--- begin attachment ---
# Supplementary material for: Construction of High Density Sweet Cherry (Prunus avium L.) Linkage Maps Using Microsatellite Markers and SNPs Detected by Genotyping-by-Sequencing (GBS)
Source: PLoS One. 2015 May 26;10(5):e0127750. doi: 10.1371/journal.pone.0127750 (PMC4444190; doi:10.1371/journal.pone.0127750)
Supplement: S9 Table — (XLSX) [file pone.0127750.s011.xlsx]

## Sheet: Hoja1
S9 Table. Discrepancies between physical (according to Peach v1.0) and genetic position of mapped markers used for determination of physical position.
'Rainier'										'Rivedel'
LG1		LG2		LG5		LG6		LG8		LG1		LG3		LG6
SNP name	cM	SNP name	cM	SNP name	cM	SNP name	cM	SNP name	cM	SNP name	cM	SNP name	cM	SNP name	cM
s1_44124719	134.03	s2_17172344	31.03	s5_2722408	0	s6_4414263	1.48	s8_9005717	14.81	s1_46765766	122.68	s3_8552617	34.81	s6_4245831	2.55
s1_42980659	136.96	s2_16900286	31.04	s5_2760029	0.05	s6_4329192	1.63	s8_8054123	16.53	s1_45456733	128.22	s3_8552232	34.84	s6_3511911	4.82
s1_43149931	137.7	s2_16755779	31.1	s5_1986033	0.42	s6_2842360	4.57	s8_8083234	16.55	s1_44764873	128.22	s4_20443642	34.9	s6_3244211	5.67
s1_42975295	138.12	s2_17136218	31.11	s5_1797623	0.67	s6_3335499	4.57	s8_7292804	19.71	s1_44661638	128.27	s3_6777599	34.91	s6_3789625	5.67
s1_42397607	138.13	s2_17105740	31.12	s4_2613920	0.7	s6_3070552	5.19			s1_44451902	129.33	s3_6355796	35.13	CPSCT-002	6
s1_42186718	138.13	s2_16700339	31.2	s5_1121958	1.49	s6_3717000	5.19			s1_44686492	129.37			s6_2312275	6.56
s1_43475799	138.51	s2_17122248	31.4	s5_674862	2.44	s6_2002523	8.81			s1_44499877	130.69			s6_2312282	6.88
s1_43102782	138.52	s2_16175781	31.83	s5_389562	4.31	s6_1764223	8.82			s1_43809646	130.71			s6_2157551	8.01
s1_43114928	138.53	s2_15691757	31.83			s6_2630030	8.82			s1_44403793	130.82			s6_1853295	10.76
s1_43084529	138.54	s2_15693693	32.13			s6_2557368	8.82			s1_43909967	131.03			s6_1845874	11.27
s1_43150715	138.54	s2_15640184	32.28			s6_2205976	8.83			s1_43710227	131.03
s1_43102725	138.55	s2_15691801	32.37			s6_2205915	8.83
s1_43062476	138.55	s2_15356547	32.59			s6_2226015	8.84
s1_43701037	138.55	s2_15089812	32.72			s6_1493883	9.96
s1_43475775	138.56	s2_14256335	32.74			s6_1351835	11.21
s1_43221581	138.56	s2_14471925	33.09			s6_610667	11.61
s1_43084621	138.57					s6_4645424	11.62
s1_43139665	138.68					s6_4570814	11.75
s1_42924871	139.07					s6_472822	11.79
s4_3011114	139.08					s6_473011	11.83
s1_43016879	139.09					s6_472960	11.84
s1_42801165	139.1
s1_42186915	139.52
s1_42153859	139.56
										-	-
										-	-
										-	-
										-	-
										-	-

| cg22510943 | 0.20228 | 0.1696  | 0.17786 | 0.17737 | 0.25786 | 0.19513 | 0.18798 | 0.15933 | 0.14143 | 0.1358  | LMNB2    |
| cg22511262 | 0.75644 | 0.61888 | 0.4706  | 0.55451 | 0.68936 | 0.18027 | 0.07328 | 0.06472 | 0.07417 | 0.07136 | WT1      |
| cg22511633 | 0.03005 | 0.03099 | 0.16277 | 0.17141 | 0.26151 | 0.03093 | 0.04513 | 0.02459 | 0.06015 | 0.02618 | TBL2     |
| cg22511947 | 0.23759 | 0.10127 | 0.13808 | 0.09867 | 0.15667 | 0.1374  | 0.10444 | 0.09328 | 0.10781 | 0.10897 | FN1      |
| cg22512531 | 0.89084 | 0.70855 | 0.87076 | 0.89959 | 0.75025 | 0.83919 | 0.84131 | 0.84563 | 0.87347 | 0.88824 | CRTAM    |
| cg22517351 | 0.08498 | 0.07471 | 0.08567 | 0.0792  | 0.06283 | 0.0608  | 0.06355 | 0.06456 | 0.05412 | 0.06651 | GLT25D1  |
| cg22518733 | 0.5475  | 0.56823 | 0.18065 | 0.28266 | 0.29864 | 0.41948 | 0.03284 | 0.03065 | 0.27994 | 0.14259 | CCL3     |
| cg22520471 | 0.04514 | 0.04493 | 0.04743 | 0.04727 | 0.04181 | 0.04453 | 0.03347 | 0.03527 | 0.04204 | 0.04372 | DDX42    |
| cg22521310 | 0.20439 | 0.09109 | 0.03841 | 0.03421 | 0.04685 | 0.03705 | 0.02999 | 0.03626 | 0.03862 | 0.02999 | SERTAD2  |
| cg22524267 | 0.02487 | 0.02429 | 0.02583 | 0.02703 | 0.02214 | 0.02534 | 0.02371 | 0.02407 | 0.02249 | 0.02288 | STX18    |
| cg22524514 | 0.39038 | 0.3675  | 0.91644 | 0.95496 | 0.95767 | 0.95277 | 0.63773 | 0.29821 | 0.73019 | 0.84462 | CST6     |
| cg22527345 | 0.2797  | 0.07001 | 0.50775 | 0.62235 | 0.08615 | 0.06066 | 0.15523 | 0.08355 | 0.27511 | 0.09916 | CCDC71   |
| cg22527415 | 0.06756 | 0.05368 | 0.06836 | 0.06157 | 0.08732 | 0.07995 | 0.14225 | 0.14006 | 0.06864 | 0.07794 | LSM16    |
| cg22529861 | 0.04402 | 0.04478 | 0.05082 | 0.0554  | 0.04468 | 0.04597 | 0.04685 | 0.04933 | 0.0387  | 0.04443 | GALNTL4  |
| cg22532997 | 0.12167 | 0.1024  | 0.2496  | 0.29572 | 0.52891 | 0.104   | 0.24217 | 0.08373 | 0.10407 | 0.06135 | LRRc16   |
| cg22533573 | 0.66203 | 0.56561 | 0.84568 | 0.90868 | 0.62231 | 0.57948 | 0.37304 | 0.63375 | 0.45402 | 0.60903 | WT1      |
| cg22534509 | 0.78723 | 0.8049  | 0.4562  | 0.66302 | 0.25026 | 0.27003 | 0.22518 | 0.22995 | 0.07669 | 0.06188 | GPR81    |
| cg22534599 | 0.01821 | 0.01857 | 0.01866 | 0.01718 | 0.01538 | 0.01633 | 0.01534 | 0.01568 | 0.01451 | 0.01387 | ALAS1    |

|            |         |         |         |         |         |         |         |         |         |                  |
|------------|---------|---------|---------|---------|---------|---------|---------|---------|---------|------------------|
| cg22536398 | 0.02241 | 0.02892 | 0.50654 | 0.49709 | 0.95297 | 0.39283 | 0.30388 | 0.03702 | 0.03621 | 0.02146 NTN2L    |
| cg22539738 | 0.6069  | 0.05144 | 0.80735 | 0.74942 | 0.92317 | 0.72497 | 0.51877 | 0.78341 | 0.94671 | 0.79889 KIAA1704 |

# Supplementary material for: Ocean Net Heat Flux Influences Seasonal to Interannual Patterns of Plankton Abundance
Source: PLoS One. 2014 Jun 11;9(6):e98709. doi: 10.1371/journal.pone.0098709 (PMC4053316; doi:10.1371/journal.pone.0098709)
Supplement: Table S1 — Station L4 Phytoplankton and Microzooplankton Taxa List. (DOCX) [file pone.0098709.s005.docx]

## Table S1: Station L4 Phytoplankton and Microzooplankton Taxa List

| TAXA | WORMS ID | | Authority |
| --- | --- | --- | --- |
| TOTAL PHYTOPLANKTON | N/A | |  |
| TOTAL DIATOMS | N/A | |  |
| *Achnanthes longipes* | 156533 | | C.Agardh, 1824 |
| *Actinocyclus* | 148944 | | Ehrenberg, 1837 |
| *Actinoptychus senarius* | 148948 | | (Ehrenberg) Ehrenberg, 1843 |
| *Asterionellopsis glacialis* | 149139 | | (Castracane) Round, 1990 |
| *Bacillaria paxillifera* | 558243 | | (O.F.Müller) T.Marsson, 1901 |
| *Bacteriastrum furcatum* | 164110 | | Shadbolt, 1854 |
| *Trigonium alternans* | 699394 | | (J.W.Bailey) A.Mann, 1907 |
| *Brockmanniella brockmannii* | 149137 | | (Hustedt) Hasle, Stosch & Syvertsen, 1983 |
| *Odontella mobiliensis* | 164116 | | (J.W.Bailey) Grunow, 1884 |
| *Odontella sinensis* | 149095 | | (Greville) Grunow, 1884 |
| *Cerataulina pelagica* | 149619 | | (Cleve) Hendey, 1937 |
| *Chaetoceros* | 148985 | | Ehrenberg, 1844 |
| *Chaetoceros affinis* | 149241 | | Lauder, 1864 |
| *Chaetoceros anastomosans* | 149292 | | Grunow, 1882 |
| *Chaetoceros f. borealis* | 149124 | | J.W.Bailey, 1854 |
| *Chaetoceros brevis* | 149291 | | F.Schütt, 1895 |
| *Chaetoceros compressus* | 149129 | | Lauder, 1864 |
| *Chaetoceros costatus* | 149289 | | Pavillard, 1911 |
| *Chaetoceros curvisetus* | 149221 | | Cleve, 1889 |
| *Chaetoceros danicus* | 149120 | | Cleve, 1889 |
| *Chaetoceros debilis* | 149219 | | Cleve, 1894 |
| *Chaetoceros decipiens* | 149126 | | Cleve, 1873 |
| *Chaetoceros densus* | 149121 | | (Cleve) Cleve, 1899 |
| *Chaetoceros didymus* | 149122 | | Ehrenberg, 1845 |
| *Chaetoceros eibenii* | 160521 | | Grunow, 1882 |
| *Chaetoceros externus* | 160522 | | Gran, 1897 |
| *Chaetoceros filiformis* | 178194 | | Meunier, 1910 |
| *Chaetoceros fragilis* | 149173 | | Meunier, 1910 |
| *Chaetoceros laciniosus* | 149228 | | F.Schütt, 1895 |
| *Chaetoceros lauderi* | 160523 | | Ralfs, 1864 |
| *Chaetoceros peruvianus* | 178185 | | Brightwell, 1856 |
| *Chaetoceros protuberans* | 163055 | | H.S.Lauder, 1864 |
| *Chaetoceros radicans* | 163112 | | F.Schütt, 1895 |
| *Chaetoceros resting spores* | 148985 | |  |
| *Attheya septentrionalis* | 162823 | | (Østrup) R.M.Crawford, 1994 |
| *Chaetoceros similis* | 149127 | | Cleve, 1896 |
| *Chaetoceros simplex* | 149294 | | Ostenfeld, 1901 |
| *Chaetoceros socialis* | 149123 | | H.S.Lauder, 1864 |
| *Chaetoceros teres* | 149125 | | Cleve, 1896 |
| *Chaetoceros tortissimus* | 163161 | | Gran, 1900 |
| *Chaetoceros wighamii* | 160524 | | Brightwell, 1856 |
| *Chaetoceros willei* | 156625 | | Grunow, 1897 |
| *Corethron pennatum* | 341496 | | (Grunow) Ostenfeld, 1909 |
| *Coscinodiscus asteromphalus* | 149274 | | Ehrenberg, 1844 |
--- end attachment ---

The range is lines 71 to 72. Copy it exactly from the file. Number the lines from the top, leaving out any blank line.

| *Asterionellopsis glacialis* | 149139 | | (Castracane) Round, 1990 |
| *Bacillaria paxillifera* | 558243 | | (O.F.Müller) T.Marsson, 1901 |